Sunday, February 17, 2013

When does original programming make business sense? part 1 -- cable

The big PR push (and credulous coverage) of Netflix's House of Cards has got me thinking about the necessary conditions for successfully launching an original scripted series. Before we get to the business case for Netflix, here are some thoughts on the current cable landscape.

When it comes to producing original content, the big players tend to fall into three groups (with one notable exceptions):


Let's start slicing. Nick and Cartoon are certainly successful (SpongeBob is, by some standards, the most popular cable show ever) but animation and children's programming play by a very different set of rules. Production costs are extremely low and high audience turnover means that you can keep running the same few episodes for years. Furthermore, since children's programming works best in dedicated blocks, it's difficult for general interest channels to fully capitalize on this hugely profitable market. (Might throw Disney in here as well.)

Then there are the pay channels. Once again a very special business model. From a revenue standpoint, someone who watches five hours a month of Showtime counts the same as someone who watches fifty. What matters is loyalty. If you can bring in people with movies and specials, then get them sufficiently caught up in, say, Dexter, you don't have to worry about Starz stealing them away with better movies and specials. Better yet, if you can get fans of an older show like Dexter also hooked on a new show like Homeland, you can keep those monthly checks coming in for a long time.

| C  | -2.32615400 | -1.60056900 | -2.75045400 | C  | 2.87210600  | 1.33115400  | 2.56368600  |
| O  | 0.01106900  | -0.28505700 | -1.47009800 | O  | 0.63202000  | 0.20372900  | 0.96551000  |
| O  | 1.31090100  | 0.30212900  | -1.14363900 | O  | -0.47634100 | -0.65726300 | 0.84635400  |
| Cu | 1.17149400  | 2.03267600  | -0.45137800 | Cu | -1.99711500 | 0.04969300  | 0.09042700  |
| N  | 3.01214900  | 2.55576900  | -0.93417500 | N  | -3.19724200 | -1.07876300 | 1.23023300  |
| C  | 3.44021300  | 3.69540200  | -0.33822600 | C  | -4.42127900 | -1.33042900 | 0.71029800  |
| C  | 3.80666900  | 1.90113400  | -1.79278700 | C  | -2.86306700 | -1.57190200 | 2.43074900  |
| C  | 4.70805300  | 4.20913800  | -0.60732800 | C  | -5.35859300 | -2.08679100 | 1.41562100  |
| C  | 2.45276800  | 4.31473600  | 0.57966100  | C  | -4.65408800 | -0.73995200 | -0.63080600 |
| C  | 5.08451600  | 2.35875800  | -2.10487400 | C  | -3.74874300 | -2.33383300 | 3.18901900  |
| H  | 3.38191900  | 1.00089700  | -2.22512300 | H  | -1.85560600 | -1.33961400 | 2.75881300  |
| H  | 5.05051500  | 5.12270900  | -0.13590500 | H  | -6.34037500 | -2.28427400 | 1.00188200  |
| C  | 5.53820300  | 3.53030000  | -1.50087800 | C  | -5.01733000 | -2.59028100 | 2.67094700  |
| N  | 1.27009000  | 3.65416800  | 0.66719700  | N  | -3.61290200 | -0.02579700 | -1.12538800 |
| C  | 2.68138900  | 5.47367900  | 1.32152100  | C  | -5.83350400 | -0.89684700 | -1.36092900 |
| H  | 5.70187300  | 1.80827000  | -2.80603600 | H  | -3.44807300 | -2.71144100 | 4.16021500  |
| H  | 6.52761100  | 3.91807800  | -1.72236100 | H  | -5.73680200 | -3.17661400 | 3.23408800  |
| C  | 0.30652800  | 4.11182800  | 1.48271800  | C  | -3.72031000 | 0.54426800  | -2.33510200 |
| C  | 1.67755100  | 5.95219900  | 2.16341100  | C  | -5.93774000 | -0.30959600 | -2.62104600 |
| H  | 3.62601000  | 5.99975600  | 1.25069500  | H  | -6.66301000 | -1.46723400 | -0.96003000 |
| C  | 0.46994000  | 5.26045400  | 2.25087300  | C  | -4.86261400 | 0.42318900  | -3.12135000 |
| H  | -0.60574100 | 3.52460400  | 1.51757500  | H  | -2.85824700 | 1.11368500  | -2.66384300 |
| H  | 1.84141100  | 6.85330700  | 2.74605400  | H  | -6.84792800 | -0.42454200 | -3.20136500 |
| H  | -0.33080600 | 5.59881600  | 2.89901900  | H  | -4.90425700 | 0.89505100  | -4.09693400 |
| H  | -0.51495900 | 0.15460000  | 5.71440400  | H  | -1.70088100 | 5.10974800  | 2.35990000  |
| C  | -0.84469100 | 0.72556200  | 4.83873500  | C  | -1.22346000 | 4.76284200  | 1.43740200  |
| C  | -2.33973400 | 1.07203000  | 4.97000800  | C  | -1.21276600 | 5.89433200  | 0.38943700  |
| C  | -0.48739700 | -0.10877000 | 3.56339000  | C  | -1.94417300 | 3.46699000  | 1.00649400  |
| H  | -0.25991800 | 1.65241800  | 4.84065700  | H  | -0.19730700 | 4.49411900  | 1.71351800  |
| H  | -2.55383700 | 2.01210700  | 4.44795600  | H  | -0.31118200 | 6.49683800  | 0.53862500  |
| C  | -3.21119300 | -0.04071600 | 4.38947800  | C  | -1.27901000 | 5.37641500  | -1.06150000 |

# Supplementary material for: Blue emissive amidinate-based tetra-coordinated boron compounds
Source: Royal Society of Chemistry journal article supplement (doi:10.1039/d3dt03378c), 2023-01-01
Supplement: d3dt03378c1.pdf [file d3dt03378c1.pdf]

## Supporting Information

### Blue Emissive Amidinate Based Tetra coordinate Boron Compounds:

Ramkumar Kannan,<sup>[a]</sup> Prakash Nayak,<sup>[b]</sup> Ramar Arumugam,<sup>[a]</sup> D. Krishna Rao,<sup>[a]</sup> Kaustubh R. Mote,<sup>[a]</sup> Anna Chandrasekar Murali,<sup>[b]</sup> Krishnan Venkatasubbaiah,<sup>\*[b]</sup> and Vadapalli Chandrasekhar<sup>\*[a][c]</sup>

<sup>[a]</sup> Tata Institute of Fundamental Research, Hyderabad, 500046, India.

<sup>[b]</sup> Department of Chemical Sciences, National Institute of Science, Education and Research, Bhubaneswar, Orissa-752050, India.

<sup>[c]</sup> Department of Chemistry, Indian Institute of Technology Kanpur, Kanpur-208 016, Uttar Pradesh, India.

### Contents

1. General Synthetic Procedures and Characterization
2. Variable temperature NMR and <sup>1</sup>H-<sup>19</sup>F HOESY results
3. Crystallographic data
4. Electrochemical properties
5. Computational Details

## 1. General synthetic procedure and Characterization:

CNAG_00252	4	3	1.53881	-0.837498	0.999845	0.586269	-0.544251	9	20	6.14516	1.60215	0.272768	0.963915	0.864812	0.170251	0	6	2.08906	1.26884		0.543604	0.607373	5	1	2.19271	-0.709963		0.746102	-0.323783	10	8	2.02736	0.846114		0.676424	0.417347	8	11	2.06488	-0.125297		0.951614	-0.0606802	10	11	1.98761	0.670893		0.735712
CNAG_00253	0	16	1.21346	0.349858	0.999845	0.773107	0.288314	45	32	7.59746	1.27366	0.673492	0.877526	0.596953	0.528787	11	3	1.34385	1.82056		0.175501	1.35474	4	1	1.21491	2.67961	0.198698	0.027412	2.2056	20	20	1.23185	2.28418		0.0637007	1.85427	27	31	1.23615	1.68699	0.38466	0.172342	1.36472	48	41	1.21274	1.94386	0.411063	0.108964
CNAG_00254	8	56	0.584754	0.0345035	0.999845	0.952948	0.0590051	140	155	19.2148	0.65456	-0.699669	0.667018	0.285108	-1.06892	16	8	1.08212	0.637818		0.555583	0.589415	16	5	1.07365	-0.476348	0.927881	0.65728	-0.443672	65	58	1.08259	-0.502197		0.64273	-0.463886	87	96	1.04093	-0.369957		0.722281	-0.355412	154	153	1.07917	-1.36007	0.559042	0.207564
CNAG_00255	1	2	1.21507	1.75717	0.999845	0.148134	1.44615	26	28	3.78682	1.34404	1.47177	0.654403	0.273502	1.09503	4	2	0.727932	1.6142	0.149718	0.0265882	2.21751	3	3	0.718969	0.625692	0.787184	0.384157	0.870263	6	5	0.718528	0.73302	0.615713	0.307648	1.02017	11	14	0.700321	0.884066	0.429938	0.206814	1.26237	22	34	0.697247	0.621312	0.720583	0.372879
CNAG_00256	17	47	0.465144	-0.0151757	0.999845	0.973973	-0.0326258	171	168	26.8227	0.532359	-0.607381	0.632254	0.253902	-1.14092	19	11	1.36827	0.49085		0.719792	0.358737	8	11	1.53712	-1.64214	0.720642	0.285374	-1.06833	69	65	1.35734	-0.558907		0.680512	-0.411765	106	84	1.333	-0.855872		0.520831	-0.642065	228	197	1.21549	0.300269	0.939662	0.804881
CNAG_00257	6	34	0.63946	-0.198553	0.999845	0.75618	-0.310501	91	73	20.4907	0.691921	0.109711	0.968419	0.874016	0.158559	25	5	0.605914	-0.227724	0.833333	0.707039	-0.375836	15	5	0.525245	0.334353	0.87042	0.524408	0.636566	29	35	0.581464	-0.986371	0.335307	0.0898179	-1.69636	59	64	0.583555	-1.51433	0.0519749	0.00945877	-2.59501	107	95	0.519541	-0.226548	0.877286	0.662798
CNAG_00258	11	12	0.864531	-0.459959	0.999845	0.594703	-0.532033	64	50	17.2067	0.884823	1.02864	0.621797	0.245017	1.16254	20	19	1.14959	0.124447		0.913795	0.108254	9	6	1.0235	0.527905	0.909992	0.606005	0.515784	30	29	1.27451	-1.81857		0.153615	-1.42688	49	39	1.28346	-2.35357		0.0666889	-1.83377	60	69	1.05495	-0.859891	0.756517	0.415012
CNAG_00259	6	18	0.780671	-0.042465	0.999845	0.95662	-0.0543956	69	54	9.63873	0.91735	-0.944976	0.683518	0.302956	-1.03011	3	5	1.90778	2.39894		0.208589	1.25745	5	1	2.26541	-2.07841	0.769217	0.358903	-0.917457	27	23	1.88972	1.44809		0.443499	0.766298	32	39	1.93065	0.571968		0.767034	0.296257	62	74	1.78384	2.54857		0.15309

This model does not work if your revenue comes from advertising. Having one show that a viewer never misses isn't nearly as valuable as having a bunch of shows that a viewer watches occasionally. This makes it extremely difficult for an expensive original cable show to pay for itself (particularly with a thirteen episode season). In this environment, viable shows have to add synergistic value. This brings us to the USA, FX and TNT, big flagship channels of ginormous media companies. These channels have the deep pockets, extensive synergies and long time frames that make it easier to make the business case for a Burn Notice or a Justified.

Which leaves AMC as the exception, the channel that would seem to suggest that anybody with good enough shows can make a go of original programming, but before an executive at AE points at AMC when greenlighting their next original drama, there are a couple of cautionary notes to keep in mind:

1. It's dangerous using outliers as examples

AMC got extraordinarily lucky twice, first in finding executives who could spot good shows and second in having good shows cross their desks. This is not something you can plan on in advance. In fact, it's something most companies fail at when they try.

2. (and this is the big one) It's not entirely clear that AMC is actually making money on this

It would take a good financial analyst and a lot of access to answer this definitively, but certainly looks like the network loses serious money on Mad Men and has been forced to make big and risky budget cuts to the show that is making them money, the ratings hit Walking Dead. Keep in mind, AMC has been both good and lucky. The odds against duplicating its success are slight and that success may not be all that, you know, successful.

These days, every cable channel seems to have an original scripted series in the works. From the executives' standpoint, this is easy to understand; these shows are the best way for a network to get prestige and media attention and who wouldn't want to be the VP who greenlit the next Breaking Bad? From the standpoint of the investor, though, if the channel isn't a TNT or an HBO or a Cartoon Channel, you might prefer another strategy.

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